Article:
News from the NEC – February 2022
This is the first opportunity we’ve had to test the mood across all public sector members since our national campaign back in 2019 and since then, members’ pay has continued to fall in real terms and they are still overpaying for their pensions. The worsening cost of living crisis has intensified the challenges members face when it comes to paying their bills and feeding their families.
That’s why the NEC was in total agreement on just how crucial this ballot is. A strong result with a high turnout and support for our national demands will massively strengthen our bargaining power.
There are 5 weeks left to run on the ballot, which closes on 21 March, and we’re asking as many members to vote and get involved with the campaign as possible.
The NEC also stressed the vital role of organising as we move through the national consultative ballot. During the pandemic, the important role unions play in uncertain times saw us increase membership and the current ballot is another opportunity for our union to recruit more members and strengthen participation.
We want members to talk to their colleagues about the upcoming ballot and use it as a tool to encourage them to join the union. Equally, getting people who are already members to get more involved is another key organising objective. We already have just under 3,000 registered PCS Advocates and we want to use the ballot period to grow this part of our membership.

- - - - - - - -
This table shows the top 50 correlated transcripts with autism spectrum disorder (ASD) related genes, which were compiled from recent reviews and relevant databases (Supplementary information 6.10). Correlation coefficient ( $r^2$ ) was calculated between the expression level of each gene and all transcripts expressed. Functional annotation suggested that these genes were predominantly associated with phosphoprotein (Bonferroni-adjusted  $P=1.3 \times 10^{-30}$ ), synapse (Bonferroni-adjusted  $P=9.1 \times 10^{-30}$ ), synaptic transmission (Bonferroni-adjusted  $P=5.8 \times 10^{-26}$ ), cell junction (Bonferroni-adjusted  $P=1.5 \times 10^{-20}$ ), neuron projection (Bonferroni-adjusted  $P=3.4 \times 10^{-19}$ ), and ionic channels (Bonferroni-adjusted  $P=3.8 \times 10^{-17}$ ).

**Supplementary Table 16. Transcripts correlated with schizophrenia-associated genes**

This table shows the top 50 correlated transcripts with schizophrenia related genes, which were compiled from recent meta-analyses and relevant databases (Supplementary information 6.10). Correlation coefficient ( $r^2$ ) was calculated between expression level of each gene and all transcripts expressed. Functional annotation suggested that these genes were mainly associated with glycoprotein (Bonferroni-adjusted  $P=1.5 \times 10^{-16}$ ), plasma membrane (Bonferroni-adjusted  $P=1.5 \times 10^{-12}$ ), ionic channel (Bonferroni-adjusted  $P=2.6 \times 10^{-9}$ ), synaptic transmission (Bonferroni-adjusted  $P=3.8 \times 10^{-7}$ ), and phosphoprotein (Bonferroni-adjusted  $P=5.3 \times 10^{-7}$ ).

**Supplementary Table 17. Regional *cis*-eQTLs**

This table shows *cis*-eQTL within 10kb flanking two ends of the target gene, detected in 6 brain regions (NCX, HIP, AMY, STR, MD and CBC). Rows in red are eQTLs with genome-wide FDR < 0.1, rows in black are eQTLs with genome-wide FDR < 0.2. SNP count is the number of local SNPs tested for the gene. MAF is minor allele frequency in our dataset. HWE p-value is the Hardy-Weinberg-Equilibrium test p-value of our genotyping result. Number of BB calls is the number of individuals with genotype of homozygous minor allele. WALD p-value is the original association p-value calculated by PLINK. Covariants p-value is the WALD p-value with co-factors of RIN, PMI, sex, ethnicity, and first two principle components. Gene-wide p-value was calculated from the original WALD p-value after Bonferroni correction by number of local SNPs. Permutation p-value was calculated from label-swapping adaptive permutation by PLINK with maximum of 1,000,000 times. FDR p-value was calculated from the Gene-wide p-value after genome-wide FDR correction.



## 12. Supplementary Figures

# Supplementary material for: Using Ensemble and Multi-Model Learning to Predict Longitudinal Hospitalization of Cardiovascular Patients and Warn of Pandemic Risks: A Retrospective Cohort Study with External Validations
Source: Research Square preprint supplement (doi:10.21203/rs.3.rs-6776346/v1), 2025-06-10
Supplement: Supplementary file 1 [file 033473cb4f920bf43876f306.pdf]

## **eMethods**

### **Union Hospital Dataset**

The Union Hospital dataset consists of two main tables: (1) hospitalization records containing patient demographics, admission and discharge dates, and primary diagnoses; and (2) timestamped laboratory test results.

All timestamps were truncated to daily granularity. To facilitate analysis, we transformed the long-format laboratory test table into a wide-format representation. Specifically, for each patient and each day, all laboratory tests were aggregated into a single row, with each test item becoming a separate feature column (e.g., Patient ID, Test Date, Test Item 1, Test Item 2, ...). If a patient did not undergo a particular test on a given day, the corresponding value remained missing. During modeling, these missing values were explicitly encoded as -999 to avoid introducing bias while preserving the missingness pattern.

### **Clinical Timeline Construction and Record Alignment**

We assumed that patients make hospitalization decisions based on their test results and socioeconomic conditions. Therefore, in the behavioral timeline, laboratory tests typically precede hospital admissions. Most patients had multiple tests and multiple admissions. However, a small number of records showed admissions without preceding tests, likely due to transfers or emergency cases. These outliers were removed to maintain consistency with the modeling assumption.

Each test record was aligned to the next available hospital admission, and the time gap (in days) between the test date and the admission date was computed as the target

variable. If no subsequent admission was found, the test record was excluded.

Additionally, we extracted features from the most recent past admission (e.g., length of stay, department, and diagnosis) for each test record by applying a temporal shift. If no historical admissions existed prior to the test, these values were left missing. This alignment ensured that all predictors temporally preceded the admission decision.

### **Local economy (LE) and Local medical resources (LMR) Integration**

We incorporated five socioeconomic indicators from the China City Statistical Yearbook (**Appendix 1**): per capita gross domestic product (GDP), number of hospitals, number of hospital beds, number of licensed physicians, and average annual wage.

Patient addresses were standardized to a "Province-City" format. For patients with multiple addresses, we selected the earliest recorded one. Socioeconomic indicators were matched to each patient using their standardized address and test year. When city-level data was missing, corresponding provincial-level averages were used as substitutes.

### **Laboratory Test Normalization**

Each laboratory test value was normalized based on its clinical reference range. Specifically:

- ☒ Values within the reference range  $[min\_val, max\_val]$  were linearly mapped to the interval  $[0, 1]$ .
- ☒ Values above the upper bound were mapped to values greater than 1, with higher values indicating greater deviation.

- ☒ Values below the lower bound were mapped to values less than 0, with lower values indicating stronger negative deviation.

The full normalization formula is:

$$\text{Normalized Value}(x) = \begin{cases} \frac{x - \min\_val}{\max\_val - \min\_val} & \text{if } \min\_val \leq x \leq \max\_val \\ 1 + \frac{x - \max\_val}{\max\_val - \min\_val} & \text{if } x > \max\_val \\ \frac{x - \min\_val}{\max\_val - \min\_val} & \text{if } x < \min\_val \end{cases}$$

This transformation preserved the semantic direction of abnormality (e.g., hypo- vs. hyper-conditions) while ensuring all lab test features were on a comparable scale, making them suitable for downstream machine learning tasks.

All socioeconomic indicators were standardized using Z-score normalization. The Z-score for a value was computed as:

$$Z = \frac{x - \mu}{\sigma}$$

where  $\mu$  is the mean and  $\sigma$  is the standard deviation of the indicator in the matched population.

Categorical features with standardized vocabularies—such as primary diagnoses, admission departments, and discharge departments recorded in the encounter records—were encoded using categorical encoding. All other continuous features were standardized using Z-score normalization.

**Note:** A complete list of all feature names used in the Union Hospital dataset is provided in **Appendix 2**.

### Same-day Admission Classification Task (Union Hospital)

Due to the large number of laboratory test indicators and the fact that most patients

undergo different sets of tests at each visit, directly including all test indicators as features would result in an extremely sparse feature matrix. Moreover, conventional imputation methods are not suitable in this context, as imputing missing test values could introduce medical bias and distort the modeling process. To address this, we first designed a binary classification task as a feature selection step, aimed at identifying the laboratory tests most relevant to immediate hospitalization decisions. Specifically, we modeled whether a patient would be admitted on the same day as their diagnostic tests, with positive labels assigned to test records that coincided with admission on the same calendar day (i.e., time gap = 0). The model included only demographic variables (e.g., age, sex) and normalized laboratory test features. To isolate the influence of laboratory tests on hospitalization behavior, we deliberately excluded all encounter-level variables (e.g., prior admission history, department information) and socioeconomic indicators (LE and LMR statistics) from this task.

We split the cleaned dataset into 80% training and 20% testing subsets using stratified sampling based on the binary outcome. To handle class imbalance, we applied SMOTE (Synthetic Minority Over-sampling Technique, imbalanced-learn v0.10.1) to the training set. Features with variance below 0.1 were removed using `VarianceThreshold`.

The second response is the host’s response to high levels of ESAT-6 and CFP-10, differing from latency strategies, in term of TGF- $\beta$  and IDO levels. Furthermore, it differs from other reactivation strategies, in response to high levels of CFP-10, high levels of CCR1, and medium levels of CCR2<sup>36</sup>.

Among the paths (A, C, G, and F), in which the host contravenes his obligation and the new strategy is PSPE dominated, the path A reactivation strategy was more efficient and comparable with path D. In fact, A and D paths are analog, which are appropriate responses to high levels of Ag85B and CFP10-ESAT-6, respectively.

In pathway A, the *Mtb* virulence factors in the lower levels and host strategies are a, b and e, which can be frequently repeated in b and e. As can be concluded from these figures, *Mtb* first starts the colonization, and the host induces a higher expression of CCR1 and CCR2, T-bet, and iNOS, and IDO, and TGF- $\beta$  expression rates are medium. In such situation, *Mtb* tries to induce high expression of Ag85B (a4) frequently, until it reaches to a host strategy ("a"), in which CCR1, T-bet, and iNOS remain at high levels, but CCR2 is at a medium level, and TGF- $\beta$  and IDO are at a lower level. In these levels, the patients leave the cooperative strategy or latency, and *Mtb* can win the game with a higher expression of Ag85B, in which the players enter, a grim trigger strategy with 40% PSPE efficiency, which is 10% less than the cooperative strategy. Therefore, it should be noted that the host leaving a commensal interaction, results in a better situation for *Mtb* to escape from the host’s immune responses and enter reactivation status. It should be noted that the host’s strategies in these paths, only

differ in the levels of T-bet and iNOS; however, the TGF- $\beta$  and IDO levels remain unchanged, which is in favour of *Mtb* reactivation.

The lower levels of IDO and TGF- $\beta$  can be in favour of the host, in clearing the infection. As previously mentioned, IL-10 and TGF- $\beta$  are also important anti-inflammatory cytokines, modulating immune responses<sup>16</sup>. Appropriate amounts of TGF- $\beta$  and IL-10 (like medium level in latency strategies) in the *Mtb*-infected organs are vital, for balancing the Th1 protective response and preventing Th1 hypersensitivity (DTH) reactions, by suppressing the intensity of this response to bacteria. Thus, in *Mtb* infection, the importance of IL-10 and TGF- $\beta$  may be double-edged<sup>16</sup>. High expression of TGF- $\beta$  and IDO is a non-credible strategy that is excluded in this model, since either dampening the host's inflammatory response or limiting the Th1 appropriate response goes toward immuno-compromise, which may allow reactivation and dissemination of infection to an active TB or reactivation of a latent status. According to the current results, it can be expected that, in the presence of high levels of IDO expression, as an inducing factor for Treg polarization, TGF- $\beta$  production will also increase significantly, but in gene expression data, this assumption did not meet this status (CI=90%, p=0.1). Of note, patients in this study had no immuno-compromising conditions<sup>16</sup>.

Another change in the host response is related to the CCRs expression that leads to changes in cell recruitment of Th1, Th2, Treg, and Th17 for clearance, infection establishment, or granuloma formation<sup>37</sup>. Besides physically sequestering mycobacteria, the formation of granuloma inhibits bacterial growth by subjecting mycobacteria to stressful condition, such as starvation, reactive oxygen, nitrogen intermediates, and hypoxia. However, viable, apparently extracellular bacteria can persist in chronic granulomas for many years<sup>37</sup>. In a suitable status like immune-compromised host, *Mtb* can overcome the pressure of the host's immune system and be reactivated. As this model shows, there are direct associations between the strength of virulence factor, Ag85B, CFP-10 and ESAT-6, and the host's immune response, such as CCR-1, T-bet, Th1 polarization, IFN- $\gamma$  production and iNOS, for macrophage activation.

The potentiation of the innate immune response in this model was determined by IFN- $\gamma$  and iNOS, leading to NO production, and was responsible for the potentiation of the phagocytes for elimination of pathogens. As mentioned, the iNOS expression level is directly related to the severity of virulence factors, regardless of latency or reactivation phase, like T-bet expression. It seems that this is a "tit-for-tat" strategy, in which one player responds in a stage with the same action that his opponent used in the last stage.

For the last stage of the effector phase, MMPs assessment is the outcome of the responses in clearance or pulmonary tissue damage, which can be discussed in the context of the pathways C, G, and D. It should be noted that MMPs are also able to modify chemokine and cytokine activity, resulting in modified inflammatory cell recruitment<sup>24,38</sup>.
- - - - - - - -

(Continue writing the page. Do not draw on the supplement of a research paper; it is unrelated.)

The NEC reiterated the importance of the coming weeks as we look to utilise this ballot period to increase our membership and prepare ourselves for a possible statutory ballot later in the year.
With the lifting of all restrictions set to be announced imminently, the NEC was deeply concerned about the impact this would have across the civil service and related areas. PCS has been clear with the Cabinet Office throughout the pandemic that the world of work into which we emerge must be radically changed and improved for workers.
At the core of this is a commitment to hybrid working and we are currently engaged in discussions that will allow the maximum flexibility for the worker over how and where they do their job.
Despite these negotiations, it’s clear that the pandemic is not over. With this in mind, our key demand is that before anyone can return to the workplace they must have an individual risk assessment to assess all hazards they face but also to take a holistic view of their situation, which takes into account their domestic circumstances.
We will keep members posted on these demands and our ongoing discussions.